Zai Jian China, Sabaidee Laos!

(“Goodbye China, Hello Laos!”)

Only a week later than expected, we finally crossed the Laos border and left China behind. The Chinese border town, Mohan, has been under serious development for some time, presumably to appear as impressive as possible. But, typically for China, it comes off more tacky and rundown than they probably want. The development is very superficial, big new buildings are left empty and broad boulevards look silly lacking the traffic they’re clearly designed for.

Our cheap hotel was very typical, shabby whitewashed walls, hard beds, dirty bathroom…and a huge color TV. It wasn’t a particularly comfortable night, and in the morning we were happy to leave and head for the huge customs building that overshadows the town to the south. For an unknown reason, money could not be changed in the two banks located in a border town and instead we used the “change money!” ladies standing around the border pestering everyone. At least it was a breeze to get through Chinese customs. Most of our fellow border crossers were Laos citizens or Thai tourists.

On the other side, the Laos customs building (see: shack) stood in stark contrast to the Chinese behemoth. Getting our visas on arrival was easy, though pricier than expected at $45 each, and we were back on the road in no time.

We hadn’t really thought past the Laos customs as to where we would head next, other than a general desire to head west towards a city called Huay Xai on the banks of the Mekong on the Thai border. Almost immediately mile markers spoke of Luang Prabang, which we recognized from the guidebooks to be a backpacker haven so we decided to head there. We were pleasantly surprised it was only 32 miles away and the roads were in great shape. We had half expected our nice recently sealed highway to turn into a dirt track.

Laos Map

Map Above: The red dot was where we entered, we’re currently in Luang Namtha, and the green dot is approximately where Huay Xai is.. our ultimate destination in the next couple of days.

The contrast between the customs buildings was not the only one we noticed. Unlike China, where concrete is King, settlements along the road seemed to be much more varied in style. Buildings ranged from the very ramshackle and basic (plywood nailed to a bamboo frame), to almost European – brick and wood, tastefully designed, and finished with pretty details such as wooden shutters and flower gardens. However, the majority of the route passed through villages consisting of bamboo huts on stilts.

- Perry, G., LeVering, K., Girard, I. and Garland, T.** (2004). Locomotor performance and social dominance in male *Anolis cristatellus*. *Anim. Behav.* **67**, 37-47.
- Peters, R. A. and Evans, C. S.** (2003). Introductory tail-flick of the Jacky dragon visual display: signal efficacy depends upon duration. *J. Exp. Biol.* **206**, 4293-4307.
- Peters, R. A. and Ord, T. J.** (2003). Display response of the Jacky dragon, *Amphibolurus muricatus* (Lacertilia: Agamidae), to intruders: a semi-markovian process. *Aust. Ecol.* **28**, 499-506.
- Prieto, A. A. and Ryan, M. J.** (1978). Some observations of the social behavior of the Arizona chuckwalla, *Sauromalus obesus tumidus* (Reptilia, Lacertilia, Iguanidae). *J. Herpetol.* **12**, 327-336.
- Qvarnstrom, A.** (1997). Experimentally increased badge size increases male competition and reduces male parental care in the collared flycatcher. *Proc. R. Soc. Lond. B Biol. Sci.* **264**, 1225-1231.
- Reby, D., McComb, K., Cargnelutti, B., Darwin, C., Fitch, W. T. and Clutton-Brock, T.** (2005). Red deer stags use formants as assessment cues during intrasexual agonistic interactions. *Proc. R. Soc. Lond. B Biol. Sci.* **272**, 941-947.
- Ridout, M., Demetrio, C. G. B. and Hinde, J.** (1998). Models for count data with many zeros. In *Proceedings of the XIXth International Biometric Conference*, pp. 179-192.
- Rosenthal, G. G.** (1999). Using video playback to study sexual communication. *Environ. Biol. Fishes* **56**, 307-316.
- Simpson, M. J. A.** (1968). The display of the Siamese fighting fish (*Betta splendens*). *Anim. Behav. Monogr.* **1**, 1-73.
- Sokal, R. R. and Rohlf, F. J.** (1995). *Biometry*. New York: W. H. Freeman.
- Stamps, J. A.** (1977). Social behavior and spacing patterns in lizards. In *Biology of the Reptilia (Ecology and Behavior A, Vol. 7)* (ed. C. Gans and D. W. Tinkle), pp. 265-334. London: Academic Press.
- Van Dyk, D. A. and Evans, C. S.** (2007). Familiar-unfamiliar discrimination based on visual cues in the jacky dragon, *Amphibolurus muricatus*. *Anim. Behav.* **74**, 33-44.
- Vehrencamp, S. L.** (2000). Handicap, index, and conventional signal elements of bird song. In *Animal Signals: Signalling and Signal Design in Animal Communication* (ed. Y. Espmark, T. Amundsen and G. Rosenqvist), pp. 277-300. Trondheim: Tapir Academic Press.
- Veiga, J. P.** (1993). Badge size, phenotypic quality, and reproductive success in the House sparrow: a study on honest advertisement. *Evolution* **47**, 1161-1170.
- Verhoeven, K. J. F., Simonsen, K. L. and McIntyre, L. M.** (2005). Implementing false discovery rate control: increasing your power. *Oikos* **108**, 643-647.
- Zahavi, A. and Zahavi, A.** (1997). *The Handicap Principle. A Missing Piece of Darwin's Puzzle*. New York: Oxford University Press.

Laos is around 75% unmanaged vegetation, and this was noticeable even so close to the border, despite some areas that had been heavily logged and deforested. The Laos government is attempting to halt the spread of logging and preserve its natural forests, but in many areas logging represents the main livelihood of the locals, and as such is hard to effectively control. There are a number of “protected areas” that have become one of the major draws for tourists. One of which, the densely jungled Namha region, is the attraction for backpackers going to Luang Namtha. It is home to tigers, monkeys, gaurs (the worlds largest wild cow), and many more exciting things.

Everyone in the villages along the road seemed very happy to see us. Instead of the suspicious stares and screams of “Lao Wai!” (‘foreigner’ in Chinese), we got smiles, waves, and cries of “Sabaidee!” (‘hello’ in Lao). Contrary to expectation, everything seems more expensive here so perhaps that’s why they were pleased to see us. Laos is currently struggling to pull itself off the list of the 20 poorest nations in the world. It was one of the few countries not hit by the world economic crisis, and tourism is clearly booming, so perhaps it has a decent chance.

Luang Namtha turned out to be the haven it claimed to be, its main road lined with guesthouses, restaurants offering western food, and tourism offices. We found the guesthouse most recommended by Lonely Planet, the Zuela Guesthouse, and we too would recommend it. Set in a lovely courtyard off the road, it consists of three traditional brick and wood houses, one of which is the restaurant we’re writing this from. Perhaps due to the influence of western tourists (mostly Europeans) this guesthouse clearly has different priorities than the Chinese hotels. Cleanliness, nice lighting, effective mosquito netting and atmosphere take priority over garish marbled surfaces, free one-use toiletries and big TVs. Not having a TV and bringing our own soap is worth not battling cockroaches for the bathroom.

The contrast with China is as stark as the government officials in Mohan clearly want it to be, though not in the direction they hoped. Having travelled through small town China for 3 weeks, we excused a lot by saying that the region was poor. The dirtiness, the lack of character, the attitude of locals, and the fact that everywhere seemed basically the same. Comparing it to what we have seen of Laos so far, this excuse doesn’t seem to hold water. It seems that somewhere along the line China has lost some of its soul. Perhaps it was sold to the devil as the price for their rapid modernization.

Final few pictures in China can be found here

~ by Elephants on November 8, 2010.

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